Samuel grew up in the Kenyan countryside, where tradition is valued above all else. He is close to his mother but his father, a local pastor, doesn’t understand why he isn’t married yet. After moving to Kenya’s capital in search of work and a new life, Samuel falls in love with Alex and finds community and belonging. Despite the threat of violence in the city and of rejection by Samuel’s family in their rural home, the couple move between their co-existing worlds, hoping to win acceptance in both. Samuel’s story is one that award winning director Pete Murimi, and well-acclaimed producer, Toni Kamau, beautifully portray in their recently released documentary, I am Samuel. The documentary was edited by Ricardo Acosta C.C.E and Phil Jandaly, two well regarded editors in the international film community.
Filmed in a vérité style over five years, the documentary was made possible through grants from Sundance, Hot Docs, IDFA Bertha, Oak Foundation, Heinrich Boll Foundation, Good Pitch, Afridocs and Docubox. Docubox, headed by award-winning Kenyan filmmaker Judy Kibinge is a documentary and fiction film fund for African filmmakers. Judy also serves as an Executive Producer on the project along with Peter Mudamba and Oscar winning director Roger Ross Williams.
On a three-way call with Murimi and Kamau, Okayafrica film columnistCiku Kimeria, discusses with the duo the inspiration and key themes of the documentary. I am Samuel recently premiered at 2020 Hot Docs Canadian International Documentary Festival and will be at the upcoming Human Rights Watch Film Festival and available to US audiences most of this month.
Murimi’s motivation for telling this story is based on his own experiences as a young man. “My own father’s expectations of me were that I would go into business, marry someone preferably from my neighbourhood or community and that we would have children. I did not fulfill any of his wishes and it made me think of African expectations of masculinity and what a man “should” do and the weight of family expectations.” Of course, his own circumstances are different from Samuel’s, a closeted gay man living in Nairobi with his partner, knowing that the revelation of his sexual orientation, will tear his family apart. However, he can understand the burden of not being able to follow the path your parents carve out for you. As a filmmaker, his work has focused on telling stories of the marginalized and especially those that make viewers question the prevailing narratives. He adds, “It is very rare for a poor, uneducated gay man to be given a platform to tell his story from his point of view, particularly in Kenya where such love is not accepted by society. Money and privilege can buy some privacy and security if you are gay, but Samuel has none of that.” In Kenya, homosexuality is still criminalized under colonial-era laws. People who identify as queer aren’t able to love or live openly, and face the threat of assault, abuse and discrimination. Kamau, on her part, uses her production company, We are not the machine, to also tell stories of outsiders. “As soon as Pete called me about this project, I knew that we had to work together,” she says.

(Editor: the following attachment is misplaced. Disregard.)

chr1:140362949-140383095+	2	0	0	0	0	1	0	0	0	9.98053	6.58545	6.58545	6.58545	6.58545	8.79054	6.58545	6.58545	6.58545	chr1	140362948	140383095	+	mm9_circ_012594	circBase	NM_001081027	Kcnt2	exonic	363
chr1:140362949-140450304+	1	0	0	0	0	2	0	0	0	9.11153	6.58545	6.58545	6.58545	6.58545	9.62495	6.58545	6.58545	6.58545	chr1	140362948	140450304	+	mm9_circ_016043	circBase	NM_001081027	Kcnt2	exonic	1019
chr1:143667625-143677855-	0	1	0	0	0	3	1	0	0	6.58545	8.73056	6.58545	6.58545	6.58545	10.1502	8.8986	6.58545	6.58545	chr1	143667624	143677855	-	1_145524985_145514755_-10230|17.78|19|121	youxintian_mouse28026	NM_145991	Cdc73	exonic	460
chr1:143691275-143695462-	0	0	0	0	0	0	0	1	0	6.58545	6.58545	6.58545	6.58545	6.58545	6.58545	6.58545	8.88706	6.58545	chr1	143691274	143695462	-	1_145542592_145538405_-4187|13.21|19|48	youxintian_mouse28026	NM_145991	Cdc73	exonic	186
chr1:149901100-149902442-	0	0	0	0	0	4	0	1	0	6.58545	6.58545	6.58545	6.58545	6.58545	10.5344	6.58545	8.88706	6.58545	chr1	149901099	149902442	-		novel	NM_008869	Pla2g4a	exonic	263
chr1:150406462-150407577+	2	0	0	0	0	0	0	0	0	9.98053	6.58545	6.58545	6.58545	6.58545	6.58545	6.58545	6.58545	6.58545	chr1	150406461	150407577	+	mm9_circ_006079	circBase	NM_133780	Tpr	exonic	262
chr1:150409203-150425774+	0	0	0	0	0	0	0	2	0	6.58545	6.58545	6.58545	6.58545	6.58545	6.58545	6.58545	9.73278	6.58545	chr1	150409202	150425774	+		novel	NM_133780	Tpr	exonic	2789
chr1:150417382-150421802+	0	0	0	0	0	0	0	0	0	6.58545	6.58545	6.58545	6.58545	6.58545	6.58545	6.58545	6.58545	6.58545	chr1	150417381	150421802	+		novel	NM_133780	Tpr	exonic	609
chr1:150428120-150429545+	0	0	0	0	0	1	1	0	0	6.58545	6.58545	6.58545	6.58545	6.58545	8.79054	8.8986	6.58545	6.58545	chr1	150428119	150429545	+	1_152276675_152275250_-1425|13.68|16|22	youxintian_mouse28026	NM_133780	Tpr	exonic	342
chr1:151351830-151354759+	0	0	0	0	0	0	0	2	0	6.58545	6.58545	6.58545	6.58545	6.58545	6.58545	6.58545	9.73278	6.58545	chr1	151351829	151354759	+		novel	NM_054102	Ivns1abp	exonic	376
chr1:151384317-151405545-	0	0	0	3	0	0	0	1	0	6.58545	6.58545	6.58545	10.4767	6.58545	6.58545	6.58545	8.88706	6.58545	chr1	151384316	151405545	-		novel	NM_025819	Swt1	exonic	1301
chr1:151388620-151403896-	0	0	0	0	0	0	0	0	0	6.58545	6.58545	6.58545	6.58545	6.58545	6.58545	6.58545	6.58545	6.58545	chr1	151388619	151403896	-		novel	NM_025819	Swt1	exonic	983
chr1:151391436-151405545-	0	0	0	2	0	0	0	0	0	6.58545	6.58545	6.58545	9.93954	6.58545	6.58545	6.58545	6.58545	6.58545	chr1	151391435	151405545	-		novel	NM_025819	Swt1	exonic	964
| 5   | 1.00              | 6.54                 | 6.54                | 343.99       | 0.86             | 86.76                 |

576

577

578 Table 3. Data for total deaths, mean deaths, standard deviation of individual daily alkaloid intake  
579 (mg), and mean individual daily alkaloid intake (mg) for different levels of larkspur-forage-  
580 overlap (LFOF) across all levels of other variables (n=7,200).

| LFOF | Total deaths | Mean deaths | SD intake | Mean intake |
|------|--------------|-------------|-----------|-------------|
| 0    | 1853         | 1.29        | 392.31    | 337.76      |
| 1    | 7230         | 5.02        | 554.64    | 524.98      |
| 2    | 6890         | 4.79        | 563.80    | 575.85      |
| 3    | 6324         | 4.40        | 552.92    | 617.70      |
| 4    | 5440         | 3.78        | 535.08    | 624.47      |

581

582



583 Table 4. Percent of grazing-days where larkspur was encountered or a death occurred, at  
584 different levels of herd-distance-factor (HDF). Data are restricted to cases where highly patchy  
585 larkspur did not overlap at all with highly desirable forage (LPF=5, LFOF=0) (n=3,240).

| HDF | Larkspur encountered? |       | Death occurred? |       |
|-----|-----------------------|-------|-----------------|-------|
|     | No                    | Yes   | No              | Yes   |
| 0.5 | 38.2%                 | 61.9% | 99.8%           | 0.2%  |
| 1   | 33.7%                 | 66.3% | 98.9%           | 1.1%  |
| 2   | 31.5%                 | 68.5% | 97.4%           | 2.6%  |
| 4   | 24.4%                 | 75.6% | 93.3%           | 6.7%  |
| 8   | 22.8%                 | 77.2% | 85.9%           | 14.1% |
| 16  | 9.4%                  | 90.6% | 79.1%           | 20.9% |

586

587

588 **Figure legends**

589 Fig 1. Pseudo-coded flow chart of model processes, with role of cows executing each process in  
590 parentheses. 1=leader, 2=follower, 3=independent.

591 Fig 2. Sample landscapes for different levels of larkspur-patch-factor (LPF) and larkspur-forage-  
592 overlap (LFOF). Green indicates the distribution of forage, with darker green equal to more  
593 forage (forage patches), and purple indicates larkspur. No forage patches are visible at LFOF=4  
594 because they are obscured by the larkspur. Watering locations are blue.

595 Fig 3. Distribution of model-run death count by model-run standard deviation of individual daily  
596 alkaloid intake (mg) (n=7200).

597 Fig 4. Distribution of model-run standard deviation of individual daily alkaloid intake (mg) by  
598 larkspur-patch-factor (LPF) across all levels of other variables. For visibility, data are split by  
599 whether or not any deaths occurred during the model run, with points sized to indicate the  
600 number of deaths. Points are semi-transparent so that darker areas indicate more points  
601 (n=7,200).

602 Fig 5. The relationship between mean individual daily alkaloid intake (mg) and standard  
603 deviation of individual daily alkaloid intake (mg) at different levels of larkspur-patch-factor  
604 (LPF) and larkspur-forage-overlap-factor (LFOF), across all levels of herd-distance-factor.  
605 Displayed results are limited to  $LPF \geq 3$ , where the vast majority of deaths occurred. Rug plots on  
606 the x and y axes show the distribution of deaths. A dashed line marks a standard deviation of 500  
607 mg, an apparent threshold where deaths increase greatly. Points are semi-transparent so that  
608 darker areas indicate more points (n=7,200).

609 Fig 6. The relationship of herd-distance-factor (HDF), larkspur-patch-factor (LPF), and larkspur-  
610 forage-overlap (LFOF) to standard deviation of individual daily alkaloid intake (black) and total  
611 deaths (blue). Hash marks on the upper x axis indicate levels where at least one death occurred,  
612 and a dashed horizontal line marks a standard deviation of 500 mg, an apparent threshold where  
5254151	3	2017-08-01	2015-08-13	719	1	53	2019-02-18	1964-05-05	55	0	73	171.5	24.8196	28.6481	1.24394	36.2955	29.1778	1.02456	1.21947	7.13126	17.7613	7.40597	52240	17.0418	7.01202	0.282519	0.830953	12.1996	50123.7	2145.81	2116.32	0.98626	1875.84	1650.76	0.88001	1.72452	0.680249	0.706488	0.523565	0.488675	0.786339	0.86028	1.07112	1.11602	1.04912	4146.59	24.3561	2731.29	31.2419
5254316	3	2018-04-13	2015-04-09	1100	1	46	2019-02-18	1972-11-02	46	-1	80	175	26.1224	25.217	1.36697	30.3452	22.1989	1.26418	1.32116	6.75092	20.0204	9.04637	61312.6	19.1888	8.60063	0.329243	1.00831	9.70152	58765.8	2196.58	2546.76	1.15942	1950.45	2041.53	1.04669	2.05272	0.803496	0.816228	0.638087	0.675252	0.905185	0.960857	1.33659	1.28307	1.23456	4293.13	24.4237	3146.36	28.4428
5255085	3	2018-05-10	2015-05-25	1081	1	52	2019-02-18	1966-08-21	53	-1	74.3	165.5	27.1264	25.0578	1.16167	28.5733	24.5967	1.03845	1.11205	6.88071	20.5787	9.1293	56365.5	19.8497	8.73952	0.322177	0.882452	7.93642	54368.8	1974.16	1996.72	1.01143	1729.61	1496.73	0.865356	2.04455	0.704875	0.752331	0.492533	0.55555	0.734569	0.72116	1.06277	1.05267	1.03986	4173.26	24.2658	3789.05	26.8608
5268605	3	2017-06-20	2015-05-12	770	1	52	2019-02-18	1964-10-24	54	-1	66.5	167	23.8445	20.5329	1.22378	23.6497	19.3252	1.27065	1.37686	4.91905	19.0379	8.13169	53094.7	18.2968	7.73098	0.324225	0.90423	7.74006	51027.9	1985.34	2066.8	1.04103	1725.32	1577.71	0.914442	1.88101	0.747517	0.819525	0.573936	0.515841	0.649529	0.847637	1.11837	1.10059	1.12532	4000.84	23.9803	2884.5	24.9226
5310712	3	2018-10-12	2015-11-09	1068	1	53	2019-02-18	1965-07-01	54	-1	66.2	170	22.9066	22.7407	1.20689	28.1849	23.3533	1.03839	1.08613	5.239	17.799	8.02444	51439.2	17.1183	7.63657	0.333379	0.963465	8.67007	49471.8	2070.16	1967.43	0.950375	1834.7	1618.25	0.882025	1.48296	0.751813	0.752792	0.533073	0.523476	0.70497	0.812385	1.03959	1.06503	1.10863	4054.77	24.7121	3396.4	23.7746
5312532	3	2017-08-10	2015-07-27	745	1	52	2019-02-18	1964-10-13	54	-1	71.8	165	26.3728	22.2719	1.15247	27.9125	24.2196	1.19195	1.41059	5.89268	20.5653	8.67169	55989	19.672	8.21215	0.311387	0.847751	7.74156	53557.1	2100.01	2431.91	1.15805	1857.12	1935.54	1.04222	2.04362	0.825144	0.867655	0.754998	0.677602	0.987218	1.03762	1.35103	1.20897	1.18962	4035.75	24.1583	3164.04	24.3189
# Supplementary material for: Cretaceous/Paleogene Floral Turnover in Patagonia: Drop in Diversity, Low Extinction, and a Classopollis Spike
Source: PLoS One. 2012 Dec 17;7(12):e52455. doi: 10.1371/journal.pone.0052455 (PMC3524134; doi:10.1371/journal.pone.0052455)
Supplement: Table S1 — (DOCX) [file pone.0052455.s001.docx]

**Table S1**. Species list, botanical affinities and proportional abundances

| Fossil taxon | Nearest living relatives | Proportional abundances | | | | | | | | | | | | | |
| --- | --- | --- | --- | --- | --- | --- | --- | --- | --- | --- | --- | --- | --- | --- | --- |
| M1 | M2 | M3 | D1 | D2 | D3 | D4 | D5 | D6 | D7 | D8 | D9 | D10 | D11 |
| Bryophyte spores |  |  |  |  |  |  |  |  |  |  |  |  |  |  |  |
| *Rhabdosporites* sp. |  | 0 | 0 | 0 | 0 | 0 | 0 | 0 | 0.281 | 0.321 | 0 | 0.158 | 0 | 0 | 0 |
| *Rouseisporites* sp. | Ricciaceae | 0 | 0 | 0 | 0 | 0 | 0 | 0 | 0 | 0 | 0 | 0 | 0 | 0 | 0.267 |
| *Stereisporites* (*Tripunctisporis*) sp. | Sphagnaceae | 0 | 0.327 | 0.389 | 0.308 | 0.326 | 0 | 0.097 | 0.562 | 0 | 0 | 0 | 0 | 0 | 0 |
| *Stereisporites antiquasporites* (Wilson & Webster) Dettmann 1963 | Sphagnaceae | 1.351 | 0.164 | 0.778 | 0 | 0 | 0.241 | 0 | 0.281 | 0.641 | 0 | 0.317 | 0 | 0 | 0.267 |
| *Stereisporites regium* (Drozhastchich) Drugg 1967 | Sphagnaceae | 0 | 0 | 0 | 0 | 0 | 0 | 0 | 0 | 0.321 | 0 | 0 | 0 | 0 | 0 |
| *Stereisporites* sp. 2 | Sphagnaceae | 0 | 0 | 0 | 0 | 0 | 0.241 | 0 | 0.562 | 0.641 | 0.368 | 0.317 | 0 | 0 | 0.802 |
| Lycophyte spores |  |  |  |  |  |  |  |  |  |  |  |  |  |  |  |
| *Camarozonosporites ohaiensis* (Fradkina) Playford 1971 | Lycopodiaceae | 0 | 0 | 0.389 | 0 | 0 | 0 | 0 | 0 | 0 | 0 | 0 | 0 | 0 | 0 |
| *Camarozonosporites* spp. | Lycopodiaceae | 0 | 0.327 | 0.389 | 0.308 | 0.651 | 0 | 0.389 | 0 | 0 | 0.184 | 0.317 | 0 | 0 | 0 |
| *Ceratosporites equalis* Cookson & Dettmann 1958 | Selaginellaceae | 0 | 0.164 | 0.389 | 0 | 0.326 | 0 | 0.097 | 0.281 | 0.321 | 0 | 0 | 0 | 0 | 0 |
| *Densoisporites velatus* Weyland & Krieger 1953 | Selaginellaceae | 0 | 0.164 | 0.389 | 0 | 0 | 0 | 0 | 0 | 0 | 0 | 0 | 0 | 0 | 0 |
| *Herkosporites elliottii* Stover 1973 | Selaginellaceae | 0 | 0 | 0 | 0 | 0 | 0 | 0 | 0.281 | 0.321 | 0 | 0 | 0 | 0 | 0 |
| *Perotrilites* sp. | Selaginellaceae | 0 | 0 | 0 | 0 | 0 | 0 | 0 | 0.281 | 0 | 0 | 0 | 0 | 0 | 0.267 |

Conservatism and Religion
The discussion brings us to a theme that is quite dominant in I am Samuel. Samuel’s father is a pastor and therefore Samuel’s sexual orientation goes against his father’s religious beliefs and convictions. What is equally fascinating is that Samuel is also quite religious and extremely conservative. Kamau says, “This was just the reality of who he is. We are used to people being either one thing or the other, but here we have a man who is conservative, traditional, religious and gay. None of his identities obscures the other. He is not the image people have when they think of a gay man, and I think this is an important part to capture.” Reflecting on the othering that society normally has of LGBTQIA+ individuals, she adds “It’s easier for people to believe that they don’t exist or that if they do, they are completely removed from normal life. Samuel will make hopefully make Kenyan audiences question this belief.”
Coming Out and Acceptance
In the course of the five years of filming, Samuel finally does reveal his identity to his family and the expected fallout is painful to watch. Moving from having a close relationship with his family to having his father not speak to him for close to a year is difficult for him. Finally, there is a form of acceptance that comes from his family – one that they will not discuss the matter again and that they somewhat accept his partner as a friend of sorts. This element brings us to the discussion of the contextualization of coming out. “In the Western context, coming out means fully publicly declaring one’s sexual orientation. For majority of those in this community in different African countries, the most they can hope for is revealing their true identity to close family and friends. Most times this still comes with the risk of losing their family. Murimi adds, “Acceptance means different things to different people. In the context where homosexuality is criminalized in most African countries, where public sentiment against the community is generally very hostile and where violence against members of the community if they are discovered is quite common, most people can never come out in the form that people do in the West.”
Where to Watch
For updates on when the documentary will be available in your city, check out the documentary’s Facebook page.
I Am Samuel’s next confirmed screening is at the Atlanta Film Festival, which has been rescheduled for September 2020.